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Editorial: Payday loans: deal or no deal?

Posted by Stephen on July 30, 2007

By JEFF. E. SCHAPIRO
TIMES-DISPATCH COLUMNIST

The fight over payday lending is like pulp fiction: There’s a tawdry story line. Profit bests principle. A tough guy is anything but.

In March, barely a month after the legislature quits, lobbyists for payday lenders herd into a Richmond law office to tell their clients to steel for the next phase of a brawl that already has cost them a ton in legal fees, crummy press and campaign contributions.

In May, a Peninsula businessman, who has bailed out employees swamped by debts to payday lenders, teams up with two retired U.S. Treasury guys to launch the latest group committed to shuttering the nearly 800 money stores here.

About the same time, the State Corporation Commission — of which a former judge, Clint Miller, has signed on as a lobbyist for payday lenders’ crude kin, car-title lenders — reports that payday lenders are handing over more cash to fewer borrowers and filing more lawsuits against alleged deadbeats.

In other words, people who might not qualify for credit in the first place are discovering a second, costlier way to stick it to themselves: getting sued.

In June, pro’s and anti’s cross paths at big-dollar fundraisers for General Assembly Republicans and Democrats. The pro’s — perhaps because they didn’t think to do it — are still steamed over ads the anti’s ran in the program for the Dems’ event.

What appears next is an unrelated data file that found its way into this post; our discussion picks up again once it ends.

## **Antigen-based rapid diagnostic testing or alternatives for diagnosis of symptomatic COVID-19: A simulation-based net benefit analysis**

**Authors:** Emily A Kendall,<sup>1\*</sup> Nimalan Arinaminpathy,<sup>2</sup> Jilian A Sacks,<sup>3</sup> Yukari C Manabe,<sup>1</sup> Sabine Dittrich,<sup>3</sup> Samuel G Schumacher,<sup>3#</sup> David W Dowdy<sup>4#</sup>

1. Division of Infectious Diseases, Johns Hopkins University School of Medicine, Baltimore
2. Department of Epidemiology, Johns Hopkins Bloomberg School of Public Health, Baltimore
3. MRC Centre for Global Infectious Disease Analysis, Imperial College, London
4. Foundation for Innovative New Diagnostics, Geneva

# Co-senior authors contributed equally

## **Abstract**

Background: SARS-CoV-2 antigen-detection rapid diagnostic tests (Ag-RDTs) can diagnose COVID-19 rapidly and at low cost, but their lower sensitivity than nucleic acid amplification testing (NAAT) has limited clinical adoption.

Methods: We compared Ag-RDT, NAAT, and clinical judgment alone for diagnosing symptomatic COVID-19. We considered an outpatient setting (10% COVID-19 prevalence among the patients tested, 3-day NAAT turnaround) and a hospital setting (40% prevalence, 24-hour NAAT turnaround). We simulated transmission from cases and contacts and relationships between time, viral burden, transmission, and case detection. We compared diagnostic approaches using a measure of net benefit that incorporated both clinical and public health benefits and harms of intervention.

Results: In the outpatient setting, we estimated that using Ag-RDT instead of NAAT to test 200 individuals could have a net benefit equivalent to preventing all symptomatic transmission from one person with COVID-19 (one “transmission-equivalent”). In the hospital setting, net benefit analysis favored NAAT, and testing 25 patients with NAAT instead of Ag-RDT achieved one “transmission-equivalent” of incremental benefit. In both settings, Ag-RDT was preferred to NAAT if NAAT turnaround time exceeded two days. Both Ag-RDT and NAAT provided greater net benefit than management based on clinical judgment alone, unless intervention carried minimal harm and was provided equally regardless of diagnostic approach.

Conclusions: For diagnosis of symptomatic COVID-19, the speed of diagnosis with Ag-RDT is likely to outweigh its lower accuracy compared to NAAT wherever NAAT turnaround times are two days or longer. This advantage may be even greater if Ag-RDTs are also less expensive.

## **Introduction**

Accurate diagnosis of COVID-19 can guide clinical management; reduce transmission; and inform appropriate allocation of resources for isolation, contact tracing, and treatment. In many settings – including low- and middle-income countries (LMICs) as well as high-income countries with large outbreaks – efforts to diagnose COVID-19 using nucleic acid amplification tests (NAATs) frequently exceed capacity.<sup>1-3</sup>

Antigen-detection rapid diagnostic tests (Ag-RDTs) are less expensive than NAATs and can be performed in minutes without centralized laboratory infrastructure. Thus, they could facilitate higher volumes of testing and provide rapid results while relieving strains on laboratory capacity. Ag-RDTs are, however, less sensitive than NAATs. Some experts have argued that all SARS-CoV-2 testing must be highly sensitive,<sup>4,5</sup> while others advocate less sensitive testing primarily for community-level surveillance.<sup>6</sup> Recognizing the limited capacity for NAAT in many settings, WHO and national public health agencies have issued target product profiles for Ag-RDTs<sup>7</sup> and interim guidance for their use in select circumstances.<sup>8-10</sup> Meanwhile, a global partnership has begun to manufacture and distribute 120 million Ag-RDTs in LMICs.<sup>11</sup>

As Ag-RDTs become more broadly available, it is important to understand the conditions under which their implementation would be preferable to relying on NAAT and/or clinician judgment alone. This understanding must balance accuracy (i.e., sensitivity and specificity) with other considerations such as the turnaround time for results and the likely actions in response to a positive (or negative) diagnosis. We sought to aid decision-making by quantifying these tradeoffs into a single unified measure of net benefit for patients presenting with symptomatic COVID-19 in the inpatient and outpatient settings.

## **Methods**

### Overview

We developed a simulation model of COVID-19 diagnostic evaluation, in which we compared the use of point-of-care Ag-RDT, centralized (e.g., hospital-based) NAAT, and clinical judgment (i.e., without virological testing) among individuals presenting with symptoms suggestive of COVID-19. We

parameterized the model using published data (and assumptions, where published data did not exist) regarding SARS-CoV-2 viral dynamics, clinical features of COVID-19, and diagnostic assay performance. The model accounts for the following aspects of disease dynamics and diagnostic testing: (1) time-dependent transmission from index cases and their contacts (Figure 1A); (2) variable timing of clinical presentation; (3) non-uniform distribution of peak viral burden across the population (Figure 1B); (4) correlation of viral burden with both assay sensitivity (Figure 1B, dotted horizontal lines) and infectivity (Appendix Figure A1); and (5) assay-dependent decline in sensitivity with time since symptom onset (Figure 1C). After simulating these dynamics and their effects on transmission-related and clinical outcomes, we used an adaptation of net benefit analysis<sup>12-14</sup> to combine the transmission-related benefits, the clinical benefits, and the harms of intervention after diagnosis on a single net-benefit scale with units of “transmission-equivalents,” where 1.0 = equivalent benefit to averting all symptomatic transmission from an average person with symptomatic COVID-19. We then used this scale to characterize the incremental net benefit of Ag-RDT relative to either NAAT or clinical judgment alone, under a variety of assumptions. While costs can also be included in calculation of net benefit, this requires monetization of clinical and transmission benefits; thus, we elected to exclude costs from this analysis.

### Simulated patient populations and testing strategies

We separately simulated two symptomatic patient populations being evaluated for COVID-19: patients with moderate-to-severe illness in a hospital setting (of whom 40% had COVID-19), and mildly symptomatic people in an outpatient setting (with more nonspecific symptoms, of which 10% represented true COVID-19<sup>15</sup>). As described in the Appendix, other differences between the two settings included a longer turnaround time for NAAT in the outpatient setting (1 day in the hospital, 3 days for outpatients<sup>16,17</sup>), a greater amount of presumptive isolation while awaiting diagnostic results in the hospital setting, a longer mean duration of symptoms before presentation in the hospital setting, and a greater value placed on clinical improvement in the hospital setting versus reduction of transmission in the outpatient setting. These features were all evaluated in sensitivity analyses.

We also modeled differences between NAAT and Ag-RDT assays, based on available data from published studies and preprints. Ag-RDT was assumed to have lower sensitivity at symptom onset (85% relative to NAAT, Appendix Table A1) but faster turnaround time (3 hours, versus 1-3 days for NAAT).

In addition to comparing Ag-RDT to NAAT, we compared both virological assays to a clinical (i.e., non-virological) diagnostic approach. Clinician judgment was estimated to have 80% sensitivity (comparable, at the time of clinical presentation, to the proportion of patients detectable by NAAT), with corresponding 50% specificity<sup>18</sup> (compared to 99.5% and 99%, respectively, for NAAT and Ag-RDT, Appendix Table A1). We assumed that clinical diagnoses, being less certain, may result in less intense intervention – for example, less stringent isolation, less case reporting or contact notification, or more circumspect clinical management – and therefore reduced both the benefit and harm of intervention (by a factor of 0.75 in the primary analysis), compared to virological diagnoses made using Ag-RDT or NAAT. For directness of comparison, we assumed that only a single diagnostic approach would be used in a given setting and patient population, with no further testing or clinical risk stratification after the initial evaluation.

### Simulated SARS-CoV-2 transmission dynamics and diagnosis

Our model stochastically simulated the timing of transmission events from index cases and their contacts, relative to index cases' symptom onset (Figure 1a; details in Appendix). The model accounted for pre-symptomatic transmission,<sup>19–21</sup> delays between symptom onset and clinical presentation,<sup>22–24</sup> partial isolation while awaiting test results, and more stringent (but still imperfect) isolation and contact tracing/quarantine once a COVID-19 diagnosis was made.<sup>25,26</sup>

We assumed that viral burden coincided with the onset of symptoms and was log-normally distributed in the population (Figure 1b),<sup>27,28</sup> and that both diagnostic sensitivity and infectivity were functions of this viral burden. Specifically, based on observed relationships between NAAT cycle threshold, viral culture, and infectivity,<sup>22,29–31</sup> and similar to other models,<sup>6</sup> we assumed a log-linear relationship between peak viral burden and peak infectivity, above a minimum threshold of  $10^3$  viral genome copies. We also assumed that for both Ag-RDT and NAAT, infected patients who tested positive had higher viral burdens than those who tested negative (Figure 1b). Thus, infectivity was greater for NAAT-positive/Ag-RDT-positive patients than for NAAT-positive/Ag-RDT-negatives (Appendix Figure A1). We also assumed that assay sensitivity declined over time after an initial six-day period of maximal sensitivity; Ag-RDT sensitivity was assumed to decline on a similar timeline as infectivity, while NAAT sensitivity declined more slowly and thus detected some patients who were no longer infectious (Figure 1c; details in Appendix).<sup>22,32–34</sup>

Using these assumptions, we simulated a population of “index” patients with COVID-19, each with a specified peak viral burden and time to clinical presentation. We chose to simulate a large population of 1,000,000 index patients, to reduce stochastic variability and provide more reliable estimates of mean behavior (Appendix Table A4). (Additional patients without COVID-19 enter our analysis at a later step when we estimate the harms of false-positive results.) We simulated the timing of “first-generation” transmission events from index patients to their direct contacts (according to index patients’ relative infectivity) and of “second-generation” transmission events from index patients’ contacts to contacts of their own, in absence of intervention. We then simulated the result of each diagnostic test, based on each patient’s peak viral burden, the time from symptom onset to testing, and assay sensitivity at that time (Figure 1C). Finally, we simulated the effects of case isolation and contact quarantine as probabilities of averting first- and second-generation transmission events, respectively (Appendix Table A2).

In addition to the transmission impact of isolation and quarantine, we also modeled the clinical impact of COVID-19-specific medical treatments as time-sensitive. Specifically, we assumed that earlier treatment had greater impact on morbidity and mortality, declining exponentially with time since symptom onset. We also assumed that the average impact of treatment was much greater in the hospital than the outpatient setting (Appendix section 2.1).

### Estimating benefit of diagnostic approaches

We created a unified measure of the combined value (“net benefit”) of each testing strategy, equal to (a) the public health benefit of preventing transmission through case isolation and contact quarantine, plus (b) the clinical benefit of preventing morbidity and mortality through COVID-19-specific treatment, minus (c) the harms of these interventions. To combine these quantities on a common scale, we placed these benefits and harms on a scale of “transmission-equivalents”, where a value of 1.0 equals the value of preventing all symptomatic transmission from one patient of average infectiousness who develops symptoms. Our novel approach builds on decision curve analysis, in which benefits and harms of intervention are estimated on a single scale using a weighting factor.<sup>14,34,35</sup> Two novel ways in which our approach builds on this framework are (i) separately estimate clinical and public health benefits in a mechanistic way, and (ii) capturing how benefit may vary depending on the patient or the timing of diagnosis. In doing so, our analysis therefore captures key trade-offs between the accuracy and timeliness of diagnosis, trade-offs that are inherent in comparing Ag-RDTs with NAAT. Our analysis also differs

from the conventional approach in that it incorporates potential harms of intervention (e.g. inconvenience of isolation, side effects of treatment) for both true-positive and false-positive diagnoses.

And last week, Gov. Tim Kaine renews his call for a crackdown on the high-cost, instant-loan industry, blowing the cover on one of the worst-kept secrets in town: that both sides are warily talking about a possible deal, brokered by Kaine aide Mark Rubin.

This can’t be good news for foes of payday lending. They want to put it out of business or put it on a leash. Read: Restrict sky’s-the-limit interest rates to 36 percent. Kaine isn’t committing to either.

His nuanced pronouncement may mean that Kaine, distaste for subprime-ates notwithstanding, doesn’t want this issue threatening his legacy-building agenda in the 2008 legislature.

The industry is worried, too. It wants an agreement because the General Assembly could change after November. The votes to keep lenders alive are concentrated in areas where, because of population or prosperity, there are few cash shops.

Such indemnification won’t last forever; a deal is a better than another black eye. Or another. Or another.

When Kaine weighed in on payday lending during the 2007 assembly, it was a move by a fellow Democrat, Senate Minority Leader Dick Saslaw, that dashed substantive restrictions for the year.

Saslaw, who as his party’s Senate boss can make Kaine’s life lousy or lovely, yanked an industry-written “reform” bill. In doing the bidding of lenders, Saslaw stopped Kaine from doing a number on them.

Without a bill — credit the lenders’ skilled lead lobbyist, Reggie Jones, who also represents their potential competitors, credit unions — Kaine was helpless to force a vote on what he’d led many to believe was a non-negotiable demand: a 36 percent interest-rate cap.

The lenders say that’s a deal-breaker; that it would drive them out of business by slashing rates to pennies on the dollar.

Since when is it the legislature’ s job to guarantee a profit for any business, other than maybe regulated public-service corporations such as electric utilities?

But in Virginia, capitalism is defined by those with the votes.

Opinions expressed by editorial writers do not necessarily reflect those of management of Conservative Viewpoints.

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